"There's clearly movement going toward Ted, and I think he's making all the right moves," Perkins told CNN Thursday. "But from a timing standpoint, I'm still watching, waiting."
Perkins, who heads the Family Research Council, sits at the top of a pair of sprawling social conservative networks, the Conservative Action Project and the Council for National Policy, that are the hidden hub of the forces looking to push the Republican Party further right.
He's also very controversial. The former Louisiana state representative has attracted scrutiny, implying a connection between pedophilia and homosexuality and making critical comments about Islam. The Southern Poverty Law Center labeled his organization a "hate group," a term the FRC sees as "reckless."
"Perkins' xenophobic and irresponsible spew has no place in American democracy but that won't stop Ted Cruz from chasing after his credentials -- in fact it's hard to tell which of them is more reckless, hateful or extreme," said Adrienne Watson, a spokesman for the Hillary Clinton
-aligned super PAC Correct the Record.
Cruz's campaign has theorized that wooing the grasstops will pay off with the grassroots, and targeted more than 400 of the evangelical movement's
top leaders. With activist networks quick to follow their example, the field generals can train their men to vote for candidates like Cruz in Iowa and South Carolina, the two states where the Texan thinks his profile will play well with their large born-again Christian bases.
"We will be going all-in for Sen. Ted Cruz," Vander Plaats said at a press conference Thursday. "We have found him as a man of deep character. A man that we can fully trust, who has a consistency of convictions, who loves his god, loves his spouse, and who loves his family."
Vander Plaats is key for Iowa, but Perkins could be more helpful nationally, as leaders of the professional conservative apparatus jump at the chance to energize Cruz's surging campaign.
Over dinners and phone calls, Perkins has become one of Cruz's few defenders in a city that harbors significant ill-will for his scorched-earth Republicanism. It's not just policy: Cruz looks to Perkins for political counsel as well, and the pair talks a few times a month about the campaign or the social conservative agenda.
"It's one thing to get an endorsement from a megachurch," said Rep. Mark Sanford before he introduced Cruz in his South Carolina district last month. But, "in as much as there is a such thing as mainstream Christian evangelical, I would suspect he represents it."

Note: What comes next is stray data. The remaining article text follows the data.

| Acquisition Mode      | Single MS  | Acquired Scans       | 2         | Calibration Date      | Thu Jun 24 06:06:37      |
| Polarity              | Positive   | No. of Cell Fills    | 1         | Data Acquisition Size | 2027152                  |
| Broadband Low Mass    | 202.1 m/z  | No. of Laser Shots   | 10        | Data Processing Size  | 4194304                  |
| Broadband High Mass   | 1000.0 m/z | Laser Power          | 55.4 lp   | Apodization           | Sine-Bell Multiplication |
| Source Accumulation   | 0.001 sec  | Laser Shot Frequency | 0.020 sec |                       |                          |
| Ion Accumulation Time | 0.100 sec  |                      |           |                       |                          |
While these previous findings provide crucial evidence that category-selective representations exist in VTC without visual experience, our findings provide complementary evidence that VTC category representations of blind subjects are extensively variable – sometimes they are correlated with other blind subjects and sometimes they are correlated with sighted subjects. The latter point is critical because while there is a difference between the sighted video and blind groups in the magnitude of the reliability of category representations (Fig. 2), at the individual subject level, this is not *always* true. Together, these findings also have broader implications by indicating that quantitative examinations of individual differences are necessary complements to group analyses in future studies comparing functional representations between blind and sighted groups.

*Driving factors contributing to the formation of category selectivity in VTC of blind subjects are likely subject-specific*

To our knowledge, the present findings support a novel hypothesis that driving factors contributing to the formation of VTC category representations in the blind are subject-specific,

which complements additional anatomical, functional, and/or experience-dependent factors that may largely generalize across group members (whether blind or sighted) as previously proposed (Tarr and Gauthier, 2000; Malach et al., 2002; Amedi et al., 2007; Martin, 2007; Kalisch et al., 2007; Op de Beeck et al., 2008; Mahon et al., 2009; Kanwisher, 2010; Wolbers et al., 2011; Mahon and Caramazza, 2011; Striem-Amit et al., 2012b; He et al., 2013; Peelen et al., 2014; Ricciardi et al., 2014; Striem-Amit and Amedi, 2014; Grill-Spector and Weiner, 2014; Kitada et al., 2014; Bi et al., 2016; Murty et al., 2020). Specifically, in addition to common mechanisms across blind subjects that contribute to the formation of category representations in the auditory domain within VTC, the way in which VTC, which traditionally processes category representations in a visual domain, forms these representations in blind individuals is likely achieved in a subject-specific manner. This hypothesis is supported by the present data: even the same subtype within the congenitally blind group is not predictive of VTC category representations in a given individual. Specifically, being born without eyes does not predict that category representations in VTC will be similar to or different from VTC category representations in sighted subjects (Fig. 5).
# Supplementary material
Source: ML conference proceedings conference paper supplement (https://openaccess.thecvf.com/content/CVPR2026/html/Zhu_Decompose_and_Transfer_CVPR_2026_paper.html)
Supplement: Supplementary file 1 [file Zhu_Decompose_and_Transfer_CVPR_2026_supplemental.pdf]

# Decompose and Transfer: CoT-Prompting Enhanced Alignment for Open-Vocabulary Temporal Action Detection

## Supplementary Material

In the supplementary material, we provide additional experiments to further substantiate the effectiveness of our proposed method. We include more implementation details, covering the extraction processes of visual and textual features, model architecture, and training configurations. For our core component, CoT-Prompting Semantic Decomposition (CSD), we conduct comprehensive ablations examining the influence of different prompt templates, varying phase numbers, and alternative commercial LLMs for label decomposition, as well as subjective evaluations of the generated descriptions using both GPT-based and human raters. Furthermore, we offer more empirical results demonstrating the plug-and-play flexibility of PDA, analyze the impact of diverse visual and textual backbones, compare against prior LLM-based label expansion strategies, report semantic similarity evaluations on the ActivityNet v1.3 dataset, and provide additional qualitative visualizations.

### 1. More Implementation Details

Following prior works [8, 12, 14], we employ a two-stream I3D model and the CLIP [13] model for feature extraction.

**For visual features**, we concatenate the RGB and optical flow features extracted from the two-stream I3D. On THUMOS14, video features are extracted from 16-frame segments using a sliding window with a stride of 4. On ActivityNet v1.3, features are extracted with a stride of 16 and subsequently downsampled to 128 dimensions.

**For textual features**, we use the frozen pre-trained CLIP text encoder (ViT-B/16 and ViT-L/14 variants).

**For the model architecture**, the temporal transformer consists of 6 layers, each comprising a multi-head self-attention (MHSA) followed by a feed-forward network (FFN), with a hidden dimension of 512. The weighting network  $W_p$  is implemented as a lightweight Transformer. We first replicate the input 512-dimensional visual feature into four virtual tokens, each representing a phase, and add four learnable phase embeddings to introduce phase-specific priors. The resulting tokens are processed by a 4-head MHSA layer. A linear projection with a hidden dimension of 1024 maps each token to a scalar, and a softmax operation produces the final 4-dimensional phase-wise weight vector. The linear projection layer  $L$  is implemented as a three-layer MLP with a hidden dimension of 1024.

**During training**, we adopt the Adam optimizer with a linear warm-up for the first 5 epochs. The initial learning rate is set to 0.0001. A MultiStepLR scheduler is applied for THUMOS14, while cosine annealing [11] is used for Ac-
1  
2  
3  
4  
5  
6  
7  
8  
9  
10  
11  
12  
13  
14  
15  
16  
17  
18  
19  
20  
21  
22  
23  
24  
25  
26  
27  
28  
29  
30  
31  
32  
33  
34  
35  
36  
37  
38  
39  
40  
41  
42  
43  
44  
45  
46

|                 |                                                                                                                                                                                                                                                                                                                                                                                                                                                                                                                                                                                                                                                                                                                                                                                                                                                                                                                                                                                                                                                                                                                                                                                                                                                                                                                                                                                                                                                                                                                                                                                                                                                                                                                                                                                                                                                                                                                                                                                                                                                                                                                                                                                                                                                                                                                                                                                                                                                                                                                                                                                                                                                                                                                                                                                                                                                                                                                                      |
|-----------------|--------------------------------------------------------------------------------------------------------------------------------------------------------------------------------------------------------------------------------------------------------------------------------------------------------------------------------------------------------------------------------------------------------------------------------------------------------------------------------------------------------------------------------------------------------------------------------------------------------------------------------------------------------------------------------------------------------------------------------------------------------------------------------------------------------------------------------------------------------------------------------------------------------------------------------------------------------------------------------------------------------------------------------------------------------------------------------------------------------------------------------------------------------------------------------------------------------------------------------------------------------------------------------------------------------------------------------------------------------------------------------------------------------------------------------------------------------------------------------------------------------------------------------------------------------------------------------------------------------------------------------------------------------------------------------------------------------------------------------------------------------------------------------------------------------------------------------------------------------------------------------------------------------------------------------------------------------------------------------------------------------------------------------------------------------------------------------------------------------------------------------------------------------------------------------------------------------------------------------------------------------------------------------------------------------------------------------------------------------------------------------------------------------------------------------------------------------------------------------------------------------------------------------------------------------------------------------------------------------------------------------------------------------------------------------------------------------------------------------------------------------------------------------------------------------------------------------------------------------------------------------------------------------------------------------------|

Perkins, officially, remains uncommitted. But as he stood on the stage Cruz last month at Bob Jones University, it was difficult for him to hide his affection. Perkins acknowledges that -- in a field full of social conservatives who Perkins see as allies -- he has had a special relationship with one of them.
"All these guys are my friends and someone's going to get their feelings hurt," Perkins said at the time. "You get a lot of guys who say they want your help when you're running, and then they forget about you when you get there. Ted was not that way."
The chances of endorsing Cruz were bolstered when Perkins' close friend from their days in Louisiana, Bobby Jindal, dropped out of the race
. And he doesn't talk about any other candidate nearly as glowingly.
Even with Vander Plaats and Perkins in his corner, Cruz's efforts to consolidate the evangelical vote is far from complete in a field here a half-dozen Republicans can claim the mantle of the religious right. But Monday's CNN/ORC poll found in Iowa that more evangelicals backed Cruz than any other candidate, and Perkins could help get more.
"He has a long reach, no doubt about it," said Phil Burress, head of the Ohio group Citizens for Community Values.
Cruz has quietly cultivated networks like these. When Cruz managed to hear of Burress' little-known powwow of Ohio Christians, the presidential candidate was the only one to cut a video and send it along, Burress said.
"Thank you, friends, for everything you're doing. Thank you Phil Burress," Cruz told the crowd in a five-minute video shared with CNN. "The sleeping giant is stirring."